One of the first grants that I ever received was not a particularly big one, but it was an important one. It taught me many lessons that I still follow to this day. It changed my life as a photographer. That grant still exists today and I was surprised/pleased to get a recent update about it.
The organization behind the grant, the American Council on Germany supports the annual McCloy Fellowships in Journalism. They describe the program:
The fellowships provide American print, broadcast, and new-media journalists in relatively early stages of their careers with the opportunity to travel overseas to conduct on-site research and interviews and pursue stories of their own design. McCloy Fellows travel to Germany and/or other EU27 countries, provided that the project bears relevance for Germany within the wider EU context. The Fellowships are for up to 21 days and may be extended for up to 7 additional days if a compelling need is demonstrated. Fellows receive a stipend of $200 per day to cover housing, meals and local transportation costs. Transatlantic roundtrip airfare and approved inter-city travel are also covered by the grant.
If you want to read more about the program start at: http://www.acgusa.org
The email that I recently received about the program said:
The American Council on Germany is currently seeking applications from talented young journalists for its 2009 McCloy Fellowships in Journalism. In years past, we have relied on the expertise and networks of our former fellows to help us identify top talent for our programs, and we hope you will help us again this year.
Past fellows have explored issues such as immigration and integration in Germany, energy security and climate change policy, Germany’s Jewish renaissance, European labor policy, architecture and national identity, and comparative perspectives on a wide range of public policy issues, from health care to education.
Journalists attached to media organizations are encouraged to apply. Freelance journalists are asked to demonstrate where resulting articles and/or related pieces could be placed.
Please note that as a former recipient of these fellowships, you are unfortunately not eligible to apply for a second grant.
To me personally, that last sentence really hurts…..
The first sentences caught my attention. In case you cannot translate, they mean that they need more (and probably better quality) applicants.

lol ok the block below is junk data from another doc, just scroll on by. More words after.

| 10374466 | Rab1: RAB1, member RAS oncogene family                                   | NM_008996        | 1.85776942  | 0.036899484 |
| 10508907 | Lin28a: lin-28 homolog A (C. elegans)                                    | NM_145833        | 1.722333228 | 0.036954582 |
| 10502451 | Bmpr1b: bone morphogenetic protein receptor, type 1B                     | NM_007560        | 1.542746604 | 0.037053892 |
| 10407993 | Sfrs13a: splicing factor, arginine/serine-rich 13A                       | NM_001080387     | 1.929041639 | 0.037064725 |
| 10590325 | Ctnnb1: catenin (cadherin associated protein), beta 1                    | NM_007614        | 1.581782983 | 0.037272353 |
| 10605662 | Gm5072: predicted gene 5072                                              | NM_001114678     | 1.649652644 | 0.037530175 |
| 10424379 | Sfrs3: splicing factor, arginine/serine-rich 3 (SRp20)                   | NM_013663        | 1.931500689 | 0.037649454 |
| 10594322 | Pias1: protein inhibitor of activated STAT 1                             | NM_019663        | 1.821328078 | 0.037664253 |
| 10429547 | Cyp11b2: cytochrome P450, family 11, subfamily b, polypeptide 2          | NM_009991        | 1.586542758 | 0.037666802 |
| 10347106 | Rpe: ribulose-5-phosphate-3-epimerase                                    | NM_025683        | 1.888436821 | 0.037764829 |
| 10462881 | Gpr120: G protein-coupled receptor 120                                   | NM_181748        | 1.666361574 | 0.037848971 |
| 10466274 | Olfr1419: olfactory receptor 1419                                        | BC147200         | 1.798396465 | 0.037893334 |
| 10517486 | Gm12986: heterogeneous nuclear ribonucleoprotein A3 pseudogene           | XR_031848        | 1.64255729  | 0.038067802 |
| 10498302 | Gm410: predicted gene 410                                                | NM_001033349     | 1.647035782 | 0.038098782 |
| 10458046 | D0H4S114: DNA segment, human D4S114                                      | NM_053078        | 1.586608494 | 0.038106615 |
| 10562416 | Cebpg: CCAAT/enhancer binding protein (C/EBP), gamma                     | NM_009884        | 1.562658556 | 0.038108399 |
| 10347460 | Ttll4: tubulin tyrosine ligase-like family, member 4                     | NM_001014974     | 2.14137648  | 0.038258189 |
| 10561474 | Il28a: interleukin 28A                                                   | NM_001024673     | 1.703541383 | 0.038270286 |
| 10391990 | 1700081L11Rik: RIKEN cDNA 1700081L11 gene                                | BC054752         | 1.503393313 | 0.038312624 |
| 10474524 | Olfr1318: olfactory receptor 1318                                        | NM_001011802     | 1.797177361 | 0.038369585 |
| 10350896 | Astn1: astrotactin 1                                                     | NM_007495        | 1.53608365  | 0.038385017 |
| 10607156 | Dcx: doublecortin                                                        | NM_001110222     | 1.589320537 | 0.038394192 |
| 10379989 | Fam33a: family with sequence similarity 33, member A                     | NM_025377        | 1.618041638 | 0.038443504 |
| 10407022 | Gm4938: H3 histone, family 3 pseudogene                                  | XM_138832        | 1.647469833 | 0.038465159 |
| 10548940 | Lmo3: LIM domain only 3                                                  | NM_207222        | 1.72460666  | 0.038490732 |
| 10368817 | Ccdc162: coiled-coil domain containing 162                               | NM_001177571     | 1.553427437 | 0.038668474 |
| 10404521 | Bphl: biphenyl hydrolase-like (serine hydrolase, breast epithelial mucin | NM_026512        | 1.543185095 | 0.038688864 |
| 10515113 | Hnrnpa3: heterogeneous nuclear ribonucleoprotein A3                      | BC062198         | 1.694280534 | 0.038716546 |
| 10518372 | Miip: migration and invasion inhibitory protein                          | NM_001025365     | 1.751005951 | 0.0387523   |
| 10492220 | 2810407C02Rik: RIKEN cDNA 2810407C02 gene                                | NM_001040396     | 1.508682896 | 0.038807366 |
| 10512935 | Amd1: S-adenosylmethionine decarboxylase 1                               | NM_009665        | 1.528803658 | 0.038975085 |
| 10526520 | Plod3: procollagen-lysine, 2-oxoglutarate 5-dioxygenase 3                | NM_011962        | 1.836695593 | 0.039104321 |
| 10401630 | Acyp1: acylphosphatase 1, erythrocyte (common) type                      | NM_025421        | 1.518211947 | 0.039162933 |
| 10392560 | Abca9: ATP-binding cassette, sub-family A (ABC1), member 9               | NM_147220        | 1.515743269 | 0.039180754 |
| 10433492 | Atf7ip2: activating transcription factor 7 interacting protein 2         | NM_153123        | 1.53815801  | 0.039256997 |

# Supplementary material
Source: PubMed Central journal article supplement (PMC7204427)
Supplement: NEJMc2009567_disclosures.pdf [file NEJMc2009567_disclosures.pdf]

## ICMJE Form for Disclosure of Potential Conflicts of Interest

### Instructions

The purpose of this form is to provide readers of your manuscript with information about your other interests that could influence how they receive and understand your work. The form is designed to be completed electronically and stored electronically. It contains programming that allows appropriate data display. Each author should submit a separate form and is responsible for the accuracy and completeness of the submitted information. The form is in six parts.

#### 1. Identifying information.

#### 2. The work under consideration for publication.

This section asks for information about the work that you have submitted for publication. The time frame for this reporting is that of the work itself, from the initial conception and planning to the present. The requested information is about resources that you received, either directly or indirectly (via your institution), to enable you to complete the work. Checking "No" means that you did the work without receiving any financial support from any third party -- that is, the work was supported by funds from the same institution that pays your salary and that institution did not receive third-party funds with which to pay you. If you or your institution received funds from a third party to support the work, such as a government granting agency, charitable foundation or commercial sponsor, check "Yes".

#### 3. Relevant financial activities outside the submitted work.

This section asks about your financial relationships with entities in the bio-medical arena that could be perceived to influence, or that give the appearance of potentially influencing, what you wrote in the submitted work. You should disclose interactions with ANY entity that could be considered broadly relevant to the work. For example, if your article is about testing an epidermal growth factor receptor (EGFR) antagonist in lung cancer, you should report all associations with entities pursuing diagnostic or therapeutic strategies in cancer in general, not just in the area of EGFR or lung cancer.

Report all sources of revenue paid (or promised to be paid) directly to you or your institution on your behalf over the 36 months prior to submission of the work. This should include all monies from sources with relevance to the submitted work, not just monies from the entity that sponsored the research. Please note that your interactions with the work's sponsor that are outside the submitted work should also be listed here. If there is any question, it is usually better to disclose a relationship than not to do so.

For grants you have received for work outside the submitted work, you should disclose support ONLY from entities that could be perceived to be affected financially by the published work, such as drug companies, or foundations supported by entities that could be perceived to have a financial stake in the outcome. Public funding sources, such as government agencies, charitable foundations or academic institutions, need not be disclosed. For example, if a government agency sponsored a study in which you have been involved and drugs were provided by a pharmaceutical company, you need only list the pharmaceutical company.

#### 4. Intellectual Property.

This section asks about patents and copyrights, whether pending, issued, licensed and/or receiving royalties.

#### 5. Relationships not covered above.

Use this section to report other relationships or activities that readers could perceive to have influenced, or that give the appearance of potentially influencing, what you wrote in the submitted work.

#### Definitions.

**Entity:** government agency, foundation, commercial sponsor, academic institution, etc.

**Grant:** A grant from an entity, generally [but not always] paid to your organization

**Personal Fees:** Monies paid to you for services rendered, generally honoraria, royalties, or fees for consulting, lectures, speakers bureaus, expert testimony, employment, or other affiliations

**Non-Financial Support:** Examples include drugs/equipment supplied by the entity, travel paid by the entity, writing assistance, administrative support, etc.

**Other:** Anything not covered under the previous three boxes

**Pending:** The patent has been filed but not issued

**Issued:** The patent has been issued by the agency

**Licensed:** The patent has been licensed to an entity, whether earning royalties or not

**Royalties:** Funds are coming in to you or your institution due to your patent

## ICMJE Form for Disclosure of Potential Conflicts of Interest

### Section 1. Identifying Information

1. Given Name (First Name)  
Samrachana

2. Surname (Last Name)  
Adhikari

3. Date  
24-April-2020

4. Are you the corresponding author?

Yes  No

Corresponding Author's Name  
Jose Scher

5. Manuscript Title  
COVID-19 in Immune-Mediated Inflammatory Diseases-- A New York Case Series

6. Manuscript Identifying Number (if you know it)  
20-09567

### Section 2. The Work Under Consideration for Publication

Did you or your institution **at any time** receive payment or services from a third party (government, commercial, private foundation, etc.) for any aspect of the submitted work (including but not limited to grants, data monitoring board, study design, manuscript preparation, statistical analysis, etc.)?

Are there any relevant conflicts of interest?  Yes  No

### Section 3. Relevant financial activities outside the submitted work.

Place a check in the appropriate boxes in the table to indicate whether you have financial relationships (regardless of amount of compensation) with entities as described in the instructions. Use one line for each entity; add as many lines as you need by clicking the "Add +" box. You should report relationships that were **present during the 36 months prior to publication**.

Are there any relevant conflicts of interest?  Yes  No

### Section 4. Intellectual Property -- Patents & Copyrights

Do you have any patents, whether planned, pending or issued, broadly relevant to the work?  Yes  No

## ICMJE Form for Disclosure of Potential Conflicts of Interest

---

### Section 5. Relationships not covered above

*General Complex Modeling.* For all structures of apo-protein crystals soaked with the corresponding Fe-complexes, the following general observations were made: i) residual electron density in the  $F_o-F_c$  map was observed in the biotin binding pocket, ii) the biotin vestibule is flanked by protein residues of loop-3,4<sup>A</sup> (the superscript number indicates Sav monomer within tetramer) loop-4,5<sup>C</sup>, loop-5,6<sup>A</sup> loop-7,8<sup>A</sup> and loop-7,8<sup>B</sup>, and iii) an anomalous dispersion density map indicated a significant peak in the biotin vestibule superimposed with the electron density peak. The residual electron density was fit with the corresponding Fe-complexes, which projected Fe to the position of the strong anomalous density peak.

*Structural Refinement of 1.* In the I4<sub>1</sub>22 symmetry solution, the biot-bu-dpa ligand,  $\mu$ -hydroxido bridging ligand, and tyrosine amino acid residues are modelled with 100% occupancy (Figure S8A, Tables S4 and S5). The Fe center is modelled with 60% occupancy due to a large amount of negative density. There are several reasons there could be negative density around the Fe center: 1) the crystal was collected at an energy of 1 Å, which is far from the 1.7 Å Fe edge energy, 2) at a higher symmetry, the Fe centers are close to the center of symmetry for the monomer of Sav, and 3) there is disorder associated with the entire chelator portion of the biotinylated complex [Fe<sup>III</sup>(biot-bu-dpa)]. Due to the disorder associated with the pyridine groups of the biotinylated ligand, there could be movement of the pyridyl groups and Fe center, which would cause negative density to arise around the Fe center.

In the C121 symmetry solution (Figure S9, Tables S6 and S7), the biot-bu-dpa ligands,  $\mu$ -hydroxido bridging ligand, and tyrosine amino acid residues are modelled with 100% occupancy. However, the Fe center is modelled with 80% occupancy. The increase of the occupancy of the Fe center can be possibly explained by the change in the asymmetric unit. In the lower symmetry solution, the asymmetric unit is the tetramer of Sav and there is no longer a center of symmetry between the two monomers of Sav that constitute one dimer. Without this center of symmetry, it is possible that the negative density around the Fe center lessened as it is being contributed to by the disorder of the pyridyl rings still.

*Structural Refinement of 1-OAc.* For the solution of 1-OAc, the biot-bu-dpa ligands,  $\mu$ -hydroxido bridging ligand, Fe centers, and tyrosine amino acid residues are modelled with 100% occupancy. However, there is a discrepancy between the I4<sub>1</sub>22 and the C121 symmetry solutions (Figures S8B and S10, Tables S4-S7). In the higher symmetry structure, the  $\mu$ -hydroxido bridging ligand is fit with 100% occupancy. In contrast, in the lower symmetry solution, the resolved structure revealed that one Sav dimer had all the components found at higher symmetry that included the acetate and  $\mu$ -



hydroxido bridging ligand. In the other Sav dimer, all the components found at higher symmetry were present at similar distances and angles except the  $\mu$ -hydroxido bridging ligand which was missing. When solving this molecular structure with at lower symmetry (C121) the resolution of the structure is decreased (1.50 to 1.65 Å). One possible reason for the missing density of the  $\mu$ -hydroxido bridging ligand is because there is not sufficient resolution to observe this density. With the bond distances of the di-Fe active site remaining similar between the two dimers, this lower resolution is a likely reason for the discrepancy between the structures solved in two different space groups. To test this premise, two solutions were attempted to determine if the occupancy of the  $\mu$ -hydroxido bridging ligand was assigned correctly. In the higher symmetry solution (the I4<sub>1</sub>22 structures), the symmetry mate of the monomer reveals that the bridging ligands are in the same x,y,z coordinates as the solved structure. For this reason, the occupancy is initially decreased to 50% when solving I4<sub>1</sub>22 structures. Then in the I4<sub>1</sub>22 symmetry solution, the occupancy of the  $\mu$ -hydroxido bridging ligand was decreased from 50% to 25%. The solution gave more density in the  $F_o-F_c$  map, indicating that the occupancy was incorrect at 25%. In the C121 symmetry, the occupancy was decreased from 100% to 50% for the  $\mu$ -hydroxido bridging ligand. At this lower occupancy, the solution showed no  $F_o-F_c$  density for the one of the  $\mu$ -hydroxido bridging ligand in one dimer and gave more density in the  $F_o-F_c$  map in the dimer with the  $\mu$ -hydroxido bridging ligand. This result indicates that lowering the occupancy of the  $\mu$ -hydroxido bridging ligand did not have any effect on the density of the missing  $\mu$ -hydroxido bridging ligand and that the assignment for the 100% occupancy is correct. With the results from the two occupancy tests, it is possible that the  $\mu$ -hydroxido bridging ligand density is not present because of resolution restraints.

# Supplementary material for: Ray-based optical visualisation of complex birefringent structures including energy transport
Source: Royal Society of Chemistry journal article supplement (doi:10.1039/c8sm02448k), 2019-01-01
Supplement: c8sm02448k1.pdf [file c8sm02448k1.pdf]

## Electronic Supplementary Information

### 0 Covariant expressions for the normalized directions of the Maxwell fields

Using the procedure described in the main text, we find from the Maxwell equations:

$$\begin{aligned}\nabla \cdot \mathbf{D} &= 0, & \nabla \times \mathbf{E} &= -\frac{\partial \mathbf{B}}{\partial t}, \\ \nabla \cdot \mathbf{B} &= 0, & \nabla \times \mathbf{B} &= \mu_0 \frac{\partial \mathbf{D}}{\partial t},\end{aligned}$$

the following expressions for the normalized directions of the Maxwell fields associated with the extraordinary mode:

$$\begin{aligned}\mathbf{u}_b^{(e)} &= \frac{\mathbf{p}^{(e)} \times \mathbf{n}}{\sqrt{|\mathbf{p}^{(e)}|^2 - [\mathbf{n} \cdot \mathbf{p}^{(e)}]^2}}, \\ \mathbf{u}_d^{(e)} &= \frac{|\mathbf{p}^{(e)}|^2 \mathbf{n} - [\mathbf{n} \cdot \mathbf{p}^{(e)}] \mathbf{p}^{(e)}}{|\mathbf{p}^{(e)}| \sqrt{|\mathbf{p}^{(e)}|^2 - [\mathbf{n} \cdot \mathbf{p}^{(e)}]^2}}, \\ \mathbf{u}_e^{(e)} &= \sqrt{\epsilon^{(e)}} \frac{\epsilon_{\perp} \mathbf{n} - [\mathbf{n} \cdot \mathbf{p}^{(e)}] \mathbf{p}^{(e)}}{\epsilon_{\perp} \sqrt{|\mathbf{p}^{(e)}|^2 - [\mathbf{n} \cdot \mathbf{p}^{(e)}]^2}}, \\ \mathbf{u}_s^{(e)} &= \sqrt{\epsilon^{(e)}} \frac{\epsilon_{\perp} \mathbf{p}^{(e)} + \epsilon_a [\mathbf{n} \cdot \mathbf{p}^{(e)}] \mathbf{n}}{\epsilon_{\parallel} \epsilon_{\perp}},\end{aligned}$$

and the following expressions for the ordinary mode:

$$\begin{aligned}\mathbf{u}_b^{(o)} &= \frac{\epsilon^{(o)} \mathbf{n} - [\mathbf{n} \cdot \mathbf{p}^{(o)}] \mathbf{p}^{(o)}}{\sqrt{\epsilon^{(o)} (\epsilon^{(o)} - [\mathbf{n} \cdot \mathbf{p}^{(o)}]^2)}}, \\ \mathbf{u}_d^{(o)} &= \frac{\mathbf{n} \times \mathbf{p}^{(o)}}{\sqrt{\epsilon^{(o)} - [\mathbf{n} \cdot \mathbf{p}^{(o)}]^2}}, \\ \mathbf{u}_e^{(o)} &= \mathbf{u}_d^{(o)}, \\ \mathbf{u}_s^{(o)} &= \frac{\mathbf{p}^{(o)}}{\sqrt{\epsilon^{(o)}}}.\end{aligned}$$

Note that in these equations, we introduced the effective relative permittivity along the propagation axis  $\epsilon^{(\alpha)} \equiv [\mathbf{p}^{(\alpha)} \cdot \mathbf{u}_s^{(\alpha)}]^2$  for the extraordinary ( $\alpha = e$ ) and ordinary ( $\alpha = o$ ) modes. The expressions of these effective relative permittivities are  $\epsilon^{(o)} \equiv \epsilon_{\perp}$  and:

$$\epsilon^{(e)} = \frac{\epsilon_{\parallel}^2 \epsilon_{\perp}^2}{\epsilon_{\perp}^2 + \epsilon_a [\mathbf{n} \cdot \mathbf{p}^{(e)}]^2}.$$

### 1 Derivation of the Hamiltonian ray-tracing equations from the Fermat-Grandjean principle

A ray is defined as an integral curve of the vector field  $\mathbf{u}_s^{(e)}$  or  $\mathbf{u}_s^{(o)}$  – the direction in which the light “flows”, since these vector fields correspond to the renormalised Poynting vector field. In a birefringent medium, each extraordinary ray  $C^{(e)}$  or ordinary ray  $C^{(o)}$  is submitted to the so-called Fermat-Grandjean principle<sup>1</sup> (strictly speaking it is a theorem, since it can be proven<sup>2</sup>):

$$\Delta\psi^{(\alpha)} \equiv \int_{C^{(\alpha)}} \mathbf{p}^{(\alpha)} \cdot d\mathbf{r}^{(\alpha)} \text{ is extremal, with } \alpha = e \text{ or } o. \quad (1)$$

The middle of the second paragraph refers to me (and probably a few others) when they mention projects on “Germany’s Jewish renaissance.” My project, which I did in 1989, was on the rebirth of the Jewish community in Berlin. At that point in time, the slow growing community rising out of the ashes of the Holocaust was primarily made up of Israelis and Eastern Europeans who had immigrated to Germany, particularly Berlin.
During the fellowship, I spent three weeks in Berlin interviewing and photographing the small but growing new Jewish community there. (If you are wondering, I only worked in West Berlin, because during the part of 1989 that I was in Berlin, it was still divided. The Berlin wall ran right through the middle of the city, with communist East Berlin on one side and the democratic West Berlin on the other side.) I visited East Berlin briefly.
Overall, I had an interesting experience and at the end I assembled an article that was promptly published in the Sunday magazine of the newspaper, Newsday, the daily newspaper of Long island, New York.
So what did I learn?
• I learned that I loved immersing myself in one topic so I could really understand it, inside and out. Since then, when I can, that is exactly what I try to do in all my projects.
• I learned that many topics, especially larger ones that are framed by historical events (such as the Holocaust,) present a big problem to photographers. Since the historical event in question cannot be photographed, a good article requires an extensive amount of writing.
• I learned that I really do not like writing. It requires the journalist in me to listen for the interesting point, rather than looking for the interesting visual that will best tell the story. So, now I try to work on projects where the required writing will be minimal, or ideally, non-existent.
• I learned that I should TRY not to assume that things always continue to be as they were. During the brief time I was there, I occasionally photographed the Berlin wall, which had been there since before I was born and history suggested it would be there after my death. In December of 1989 of course, the Berlin wall came down and with it the old Soviet empire. Had I made a more systematic attempt to photograph the wall when I was there in early 1989, I might have ended up with one of the last serious archives on the soon-to-be-gone Berlin wall.
• I learned that small grants could make a big difference to me as an emerging photojournalist and to the foundation as a supporter of people like me with projects like mine.
So, if you know anyone who has some background as a photojournalist (I did not have that much experience when I was honored) and they have an interest in working on a project in Europe (on someone else’s money,) please send them this info. You might transform their life in the way the McCloy fellowship transformed mine.